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Saturday, 21 September 2013

A new kind of novel

Jules Verne brought something new to fiction and his influence is still felt to this day...

In the latter part of the nineteenth century an author emerged whose novels predicted submarines, flying machines, skyscrapers and even the moon landing. His works inspired some of the world’s scientists and, with H. G. Wells, he fathered the literary genre of science fiction. His name was Jules Verne. He died in 1905.

Best known for his books in English translation Twenty Thousand Leagues Under the Sea, A Journey to the Centre of the Earth and Around the World in Eighty Days, he in fact published 65 novels, 20 short stories and essays, 30 plays, some geographical works and even opera librettos.

Jules Gabriel Verne was born 8 February1828 in Nantes. So that he could follow in his lawyer father’s footsteps he was sent to study law in Paris. Here, he became fascinated with the theatre and, influenced by Victor Hugo and Alexandre Dumas, he wrote plays; his first one-act comedy was performed when he was 22.

He abandoned law and over the next ten years continued to write plays but to support himself he became a stockbroker which gave him a modest financial stability, sufficient in 1857 to marry a widow, Honorine de Viane, acquiring two step-children. In 1861 they had one child, Michel Jean Pierre.

The following year his career took off in a new direction after he met a publisher, Pierre-Jules Hetzel, who offered insightful editorial suggestions to improve Verne’s writing. Verne was a devoted admirer of Edgar Allan Poe’s works and was clearly inspired by the American. After spending hours in the Parisian libraries studying geology, engineering and astronomy, Verne wrote his first novel, Five Weeks in a Balloon.

This was a new kind of novel. Because of Verne’s narrative style, many readers believed the story was true. It was an immediate success.

These days we think of Verne as an optimist and an unswerving supporter of scientific progress. Yet, like many writers using science as their fictional springboard, he harboured doubts about the effects of too much technology.

In 1863, at the beginning of his successful writing career, he wrote Paris in the Twentieth Century, a novel about a young man living in a future world with skyscrapers of glass and steel, high-speed trains, gas-powered automobiles, calculators and a worldwide communications network. But the hero cannot find happiness in this highly materialistic environment and comes to a tragic end.

However, Hetzel declined to publish the book as he feared it would damage Verne’s career, adding, ‘Nobody today will believe your prophecy, nobody will care about it.’ The manuscript gathered dust until 1989 when it was discovered by a relative and finally saw print; an English edition appeared in 1997.

From the Earth to the Moon (1865) has many uncanny similarities with the Apollo space programme of a century later. The characters first test the idea of a manned flight by launching a cat and a squirrel (NASA later used monkeys), recovering them at sea. Three men are launched (the same number of astronauts in the Apollo craft) from Florida, a location just a few miles from the Kennedy Space Centre. When they returned, they splashed down in the Pacific...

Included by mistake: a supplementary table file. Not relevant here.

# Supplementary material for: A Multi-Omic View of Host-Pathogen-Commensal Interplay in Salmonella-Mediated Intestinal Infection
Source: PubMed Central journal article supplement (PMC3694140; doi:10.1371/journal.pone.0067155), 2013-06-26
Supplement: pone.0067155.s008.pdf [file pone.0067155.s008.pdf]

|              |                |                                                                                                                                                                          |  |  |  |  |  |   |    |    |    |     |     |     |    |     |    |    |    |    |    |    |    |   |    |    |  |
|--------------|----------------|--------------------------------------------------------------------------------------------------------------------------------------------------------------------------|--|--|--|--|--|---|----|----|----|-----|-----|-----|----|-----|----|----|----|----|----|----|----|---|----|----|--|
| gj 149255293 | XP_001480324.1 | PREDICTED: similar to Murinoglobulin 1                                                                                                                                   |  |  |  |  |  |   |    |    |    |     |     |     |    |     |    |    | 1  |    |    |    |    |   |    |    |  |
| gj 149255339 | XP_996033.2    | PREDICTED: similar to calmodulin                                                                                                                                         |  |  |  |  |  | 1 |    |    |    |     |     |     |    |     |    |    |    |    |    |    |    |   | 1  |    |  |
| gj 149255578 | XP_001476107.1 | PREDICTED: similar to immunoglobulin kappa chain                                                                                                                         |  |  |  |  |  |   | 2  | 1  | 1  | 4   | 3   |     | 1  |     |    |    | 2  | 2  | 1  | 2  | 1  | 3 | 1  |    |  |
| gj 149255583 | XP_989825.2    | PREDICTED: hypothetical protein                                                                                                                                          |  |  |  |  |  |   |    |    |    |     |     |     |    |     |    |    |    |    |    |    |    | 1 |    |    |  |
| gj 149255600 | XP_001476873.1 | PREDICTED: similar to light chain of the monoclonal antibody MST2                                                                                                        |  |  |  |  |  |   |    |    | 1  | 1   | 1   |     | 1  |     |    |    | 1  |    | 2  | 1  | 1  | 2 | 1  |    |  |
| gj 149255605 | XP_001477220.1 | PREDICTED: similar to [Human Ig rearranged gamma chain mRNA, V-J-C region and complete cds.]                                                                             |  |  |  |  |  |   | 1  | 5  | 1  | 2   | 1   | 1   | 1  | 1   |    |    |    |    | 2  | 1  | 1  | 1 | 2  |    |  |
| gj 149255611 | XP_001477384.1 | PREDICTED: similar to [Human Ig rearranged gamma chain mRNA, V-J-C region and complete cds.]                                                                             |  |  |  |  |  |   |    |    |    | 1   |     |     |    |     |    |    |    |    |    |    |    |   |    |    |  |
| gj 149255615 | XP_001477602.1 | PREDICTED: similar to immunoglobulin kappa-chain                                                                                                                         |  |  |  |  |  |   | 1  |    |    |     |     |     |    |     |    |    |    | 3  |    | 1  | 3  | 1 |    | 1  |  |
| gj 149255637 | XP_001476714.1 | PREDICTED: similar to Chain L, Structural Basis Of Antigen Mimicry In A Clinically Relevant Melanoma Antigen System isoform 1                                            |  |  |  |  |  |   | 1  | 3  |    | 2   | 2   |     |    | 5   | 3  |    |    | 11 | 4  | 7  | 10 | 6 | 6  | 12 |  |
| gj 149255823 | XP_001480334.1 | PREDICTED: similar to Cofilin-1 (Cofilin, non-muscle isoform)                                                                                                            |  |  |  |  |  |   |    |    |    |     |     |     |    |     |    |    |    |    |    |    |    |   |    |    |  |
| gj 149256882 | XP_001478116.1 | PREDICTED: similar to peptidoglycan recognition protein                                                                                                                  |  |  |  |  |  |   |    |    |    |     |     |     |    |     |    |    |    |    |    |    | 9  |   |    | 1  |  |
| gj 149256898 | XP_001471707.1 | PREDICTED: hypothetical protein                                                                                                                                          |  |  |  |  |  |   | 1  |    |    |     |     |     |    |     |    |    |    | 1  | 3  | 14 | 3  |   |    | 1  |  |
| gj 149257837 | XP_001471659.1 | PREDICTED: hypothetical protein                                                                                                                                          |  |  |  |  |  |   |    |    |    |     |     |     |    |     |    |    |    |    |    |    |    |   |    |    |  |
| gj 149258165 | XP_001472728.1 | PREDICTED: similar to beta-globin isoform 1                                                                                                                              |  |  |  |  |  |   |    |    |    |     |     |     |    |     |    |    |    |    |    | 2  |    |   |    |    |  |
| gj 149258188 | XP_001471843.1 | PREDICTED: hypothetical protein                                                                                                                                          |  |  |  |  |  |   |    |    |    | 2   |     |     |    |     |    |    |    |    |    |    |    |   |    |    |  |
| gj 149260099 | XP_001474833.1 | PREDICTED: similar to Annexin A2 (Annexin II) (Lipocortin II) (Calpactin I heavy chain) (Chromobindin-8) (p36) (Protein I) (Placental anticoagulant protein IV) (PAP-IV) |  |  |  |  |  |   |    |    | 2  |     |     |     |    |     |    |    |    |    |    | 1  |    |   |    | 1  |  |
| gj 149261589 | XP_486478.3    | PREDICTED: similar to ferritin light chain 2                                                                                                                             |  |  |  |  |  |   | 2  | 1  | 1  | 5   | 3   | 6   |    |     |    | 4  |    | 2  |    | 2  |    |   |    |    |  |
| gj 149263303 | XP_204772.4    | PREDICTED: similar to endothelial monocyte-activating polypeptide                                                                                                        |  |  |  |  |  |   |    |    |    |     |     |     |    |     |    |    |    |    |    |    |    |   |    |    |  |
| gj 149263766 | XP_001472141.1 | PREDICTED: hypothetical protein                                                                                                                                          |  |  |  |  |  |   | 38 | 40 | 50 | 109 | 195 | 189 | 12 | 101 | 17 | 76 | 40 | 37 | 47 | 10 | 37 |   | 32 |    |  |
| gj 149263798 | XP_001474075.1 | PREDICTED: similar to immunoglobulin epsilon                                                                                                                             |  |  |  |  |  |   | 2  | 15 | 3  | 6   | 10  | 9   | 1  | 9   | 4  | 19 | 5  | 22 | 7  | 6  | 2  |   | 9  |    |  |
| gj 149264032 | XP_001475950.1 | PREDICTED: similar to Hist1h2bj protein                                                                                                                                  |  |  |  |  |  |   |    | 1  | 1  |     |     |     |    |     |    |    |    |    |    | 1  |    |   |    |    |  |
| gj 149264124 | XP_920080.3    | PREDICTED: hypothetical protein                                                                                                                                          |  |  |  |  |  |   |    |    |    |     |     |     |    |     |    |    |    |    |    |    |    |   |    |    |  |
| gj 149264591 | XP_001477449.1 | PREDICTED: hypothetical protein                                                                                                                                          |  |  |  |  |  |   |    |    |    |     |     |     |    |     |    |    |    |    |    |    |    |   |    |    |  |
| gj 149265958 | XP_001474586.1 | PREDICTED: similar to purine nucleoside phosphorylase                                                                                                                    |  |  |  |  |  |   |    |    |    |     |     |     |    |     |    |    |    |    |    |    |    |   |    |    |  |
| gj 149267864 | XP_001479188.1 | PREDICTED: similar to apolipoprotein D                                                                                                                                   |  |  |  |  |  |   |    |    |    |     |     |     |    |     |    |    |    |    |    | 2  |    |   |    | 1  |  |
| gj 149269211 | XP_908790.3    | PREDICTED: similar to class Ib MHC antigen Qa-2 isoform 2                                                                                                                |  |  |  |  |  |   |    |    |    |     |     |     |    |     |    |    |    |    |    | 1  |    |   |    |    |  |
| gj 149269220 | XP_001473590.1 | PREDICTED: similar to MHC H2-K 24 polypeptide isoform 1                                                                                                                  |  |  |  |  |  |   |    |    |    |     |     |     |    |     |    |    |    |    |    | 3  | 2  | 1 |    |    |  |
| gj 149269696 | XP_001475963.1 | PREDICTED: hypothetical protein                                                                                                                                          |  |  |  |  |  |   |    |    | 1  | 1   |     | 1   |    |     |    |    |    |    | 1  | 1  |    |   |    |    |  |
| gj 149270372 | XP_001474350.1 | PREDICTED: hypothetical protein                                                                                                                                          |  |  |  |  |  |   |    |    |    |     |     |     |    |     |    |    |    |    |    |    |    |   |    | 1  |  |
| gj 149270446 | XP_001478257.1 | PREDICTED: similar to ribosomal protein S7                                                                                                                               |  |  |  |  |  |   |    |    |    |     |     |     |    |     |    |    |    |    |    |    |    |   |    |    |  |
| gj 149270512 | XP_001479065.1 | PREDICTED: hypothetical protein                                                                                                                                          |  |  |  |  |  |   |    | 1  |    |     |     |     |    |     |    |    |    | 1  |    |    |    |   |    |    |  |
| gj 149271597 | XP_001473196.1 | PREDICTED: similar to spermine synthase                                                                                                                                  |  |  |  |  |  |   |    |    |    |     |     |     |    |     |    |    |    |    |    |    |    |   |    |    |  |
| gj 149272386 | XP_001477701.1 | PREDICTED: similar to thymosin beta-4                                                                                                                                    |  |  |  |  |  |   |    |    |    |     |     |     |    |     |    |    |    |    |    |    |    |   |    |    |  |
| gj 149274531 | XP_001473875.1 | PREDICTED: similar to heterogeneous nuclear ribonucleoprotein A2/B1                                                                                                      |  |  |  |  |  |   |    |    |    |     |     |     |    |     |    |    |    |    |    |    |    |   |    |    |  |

In his Clipper of the Clouds (1886) the evil genius Robur threatens the world from a flying ship utilising rotors. At the time, it was hotly debated whether the future of air travel was with heavier-than-air craft or balloons. Verne supported the airplane concept.
In his later years Verne wrote about the misuse of technology and its impact on the environment. In Propeller Island he lamented the destruction of the native cultures of various Polynesian islands. In the story The Ice Sphinx he predicted the decimation of the whale population.

And in The Begum’s Fortune he warns that technology and scientific knowledge in the hands of evil people can lead to destruction. In a story entitled ‘The Eternal Adam’ a far-future historian discovers the twentieth century civilisation was overthrown by geological cataclysms and the legend of Adam and Eve become true...

In 1871 Verne settled in Amiens and was elected counsellor in 1888, two years after surviving a murder attempt by his paranoid nephew, the bullet in Verne’s leg disabling him for the rest of his life.

Verne died on 24 March, 1905, aged seventy-seven. But he left behind a legacy which can still excite the imagination even today. The late Ray Bradbury said, ‘We are all, in one way or another, the children of Jules Verne.’
Explorers and scientists will often cite their interest in their careers first took hold after reading Verne. In 1886 the first all-electric submarine, built by two Englishmen, was named Nautilus in honour of Verne’s creation in Twenty Thousand Leagues Under the Sea. The first nuclear-powered submarine, launched in 1955, also carried the name Nautilus.

The website is an excellent bibliography of Verne’s works, many of which even to this day are not translated into English.

While will give you the opportunity to read all his works in the public domain online, for free, and also the French editions if you’d prefer to read them in their original language. And of course you can enjoy the various movie versions of his most popular books.

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